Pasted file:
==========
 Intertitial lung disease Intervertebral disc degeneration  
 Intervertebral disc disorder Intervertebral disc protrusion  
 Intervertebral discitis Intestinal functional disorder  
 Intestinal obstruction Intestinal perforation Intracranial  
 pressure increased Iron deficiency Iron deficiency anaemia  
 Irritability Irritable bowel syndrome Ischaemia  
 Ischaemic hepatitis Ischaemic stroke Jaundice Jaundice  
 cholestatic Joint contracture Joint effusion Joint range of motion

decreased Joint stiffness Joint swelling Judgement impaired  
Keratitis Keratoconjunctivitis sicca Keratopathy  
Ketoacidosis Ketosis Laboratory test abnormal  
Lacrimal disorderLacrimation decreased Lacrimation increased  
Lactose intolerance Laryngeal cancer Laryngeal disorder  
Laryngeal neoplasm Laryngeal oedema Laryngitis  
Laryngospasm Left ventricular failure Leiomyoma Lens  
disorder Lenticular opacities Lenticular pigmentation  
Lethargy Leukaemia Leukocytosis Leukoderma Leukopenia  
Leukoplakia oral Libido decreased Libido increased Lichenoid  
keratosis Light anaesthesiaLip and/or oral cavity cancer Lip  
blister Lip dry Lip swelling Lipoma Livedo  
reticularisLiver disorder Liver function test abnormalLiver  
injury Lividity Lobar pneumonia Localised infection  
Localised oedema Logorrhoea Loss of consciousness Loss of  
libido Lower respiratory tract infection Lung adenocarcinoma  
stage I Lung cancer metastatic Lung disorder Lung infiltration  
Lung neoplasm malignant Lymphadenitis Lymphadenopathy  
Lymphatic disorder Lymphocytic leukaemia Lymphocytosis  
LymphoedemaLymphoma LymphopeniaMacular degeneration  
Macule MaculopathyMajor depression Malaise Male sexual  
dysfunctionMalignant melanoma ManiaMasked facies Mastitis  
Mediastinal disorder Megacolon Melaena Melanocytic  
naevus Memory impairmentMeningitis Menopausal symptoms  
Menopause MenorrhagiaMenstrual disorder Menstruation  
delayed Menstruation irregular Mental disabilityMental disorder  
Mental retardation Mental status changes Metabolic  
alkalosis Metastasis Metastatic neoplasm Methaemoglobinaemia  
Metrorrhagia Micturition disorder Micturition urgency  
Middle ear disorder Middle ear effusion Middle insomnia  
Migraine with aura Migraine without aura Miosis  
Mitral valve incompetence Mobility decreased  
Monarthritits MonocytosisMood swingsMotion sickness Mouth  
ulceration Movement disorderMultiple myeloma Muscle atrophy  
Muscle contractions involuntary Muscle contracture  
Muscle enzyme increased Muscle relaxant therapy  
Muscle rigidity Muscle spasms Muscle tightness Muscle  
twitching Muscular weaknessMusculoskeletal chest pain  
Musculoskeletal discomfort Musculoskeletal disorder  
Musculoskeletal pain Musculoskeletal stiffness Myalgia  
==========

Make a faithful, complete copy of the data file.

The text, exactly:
 Intertitial lung disease Intervertebral disc degeneration  
 Intervertebral disc disorder Intervertebral disc protrusion  
 Intervertebral discitis Intestinal functional disorder  
 Intestinal obstruction Intestinal perforation Intracranial  
 pressure increased Iron deficiency Iron deficiency anaemia  
 Irritability Irritable bowel syndrome Ischaemia  
 Ischaemic hepatitis Ischaemic stroke Jaundice Jaundice  
 cholestatic Joint contracture Joint effusion Joint range of motion

decreased Joint stiffness Joint swelling Judgement impaired  
Keratitis Keratoconjunctivitis sicca Keratopathy  
Ketoacidosis Ketosis Laboratory test abnormal  
Lacrimal disorderLacrimation decreased Lacrimation increased  
Lactose intolerance Laryngeal cancer Laryngeal disorder  
Laryngeal neoplasm Laryngeal oedema Laryngitis  
Laryngospasm Left ventricular failure Leiomyoma Lens  
disorder Lenticular opacities Lenticular pigmentation  
Lethargy Leukaemia Leukocytosis Leukoderma Leukopenia  
Leukoplakia oral Libido decreased Libido increased Lichenoid  
keratosis Light anaesthesiaLip and/or oral cavity cancer Lip  
blister Lip dry Lip swelling Lipoma Livedo  
reticularisLiver disorder Liver function test abnormalLiver  
injury Lividity Lobar pneumonia Localised infection  
Localised oedema Logorrhoea Loss of consciousness Loss of  
libido Lower respiratory tract infection Lung adenocarcinoma  
stage I Lung cancer metastatic Lung disorder Lung infiltration  
Lung neoplasm malignant Lymphadenitis Lymphadenopathy  
Lymphatic disorder Lymphocytic leukaemia Lymphocytosis  
LymphoedemaLymphoma LymphopeniaMacular degeneration  
Macule MaculopathyMajor depression Malaise Male sexual  
dysfunctionMalignant melanoma ManiaMasked facies Mastitis  
Mediastinal disorder Megacolon Melaena Melanocytic  
naevus Memory impairmentMeningitis Menopausal symptoms  
Menopause MenorrhagiaMenstrual disorder Menstruation  
delayed Menstruation irregular Mental disabilityMental disorder  
Mental retardation Mental status changes Metabolic  
alkalosis Metastasis Metastatic neoplasm Methaemoglobinaemia  
Metrorrhagia Micturition disorder Micturition urgency  
Middle ear disorder Middle ear effusion Middle insomnia  
Migraine with aura Migraine without aura Miosis  
Mitral valve incompetence Mobility decreased  
Monarthritits MonocytosisMood swingsMotion sickness Mouth  
ulceration Movement disorderMultiple myeloma Muscle atrophy  
Muscle contractions involuntary Muscle contracture  
Muscle enzyme increased Muscle relaxant therapy  
Muscle rigidity Muscle spasms Muscle tightness Muscle  
twitching Muscular weaknessMusculoskeletal chest pain  
Musculoskeletal discomfort Musculoskeletal disorder  
Musculoskeletal pain Musculoskeletal stiffness Myalgia  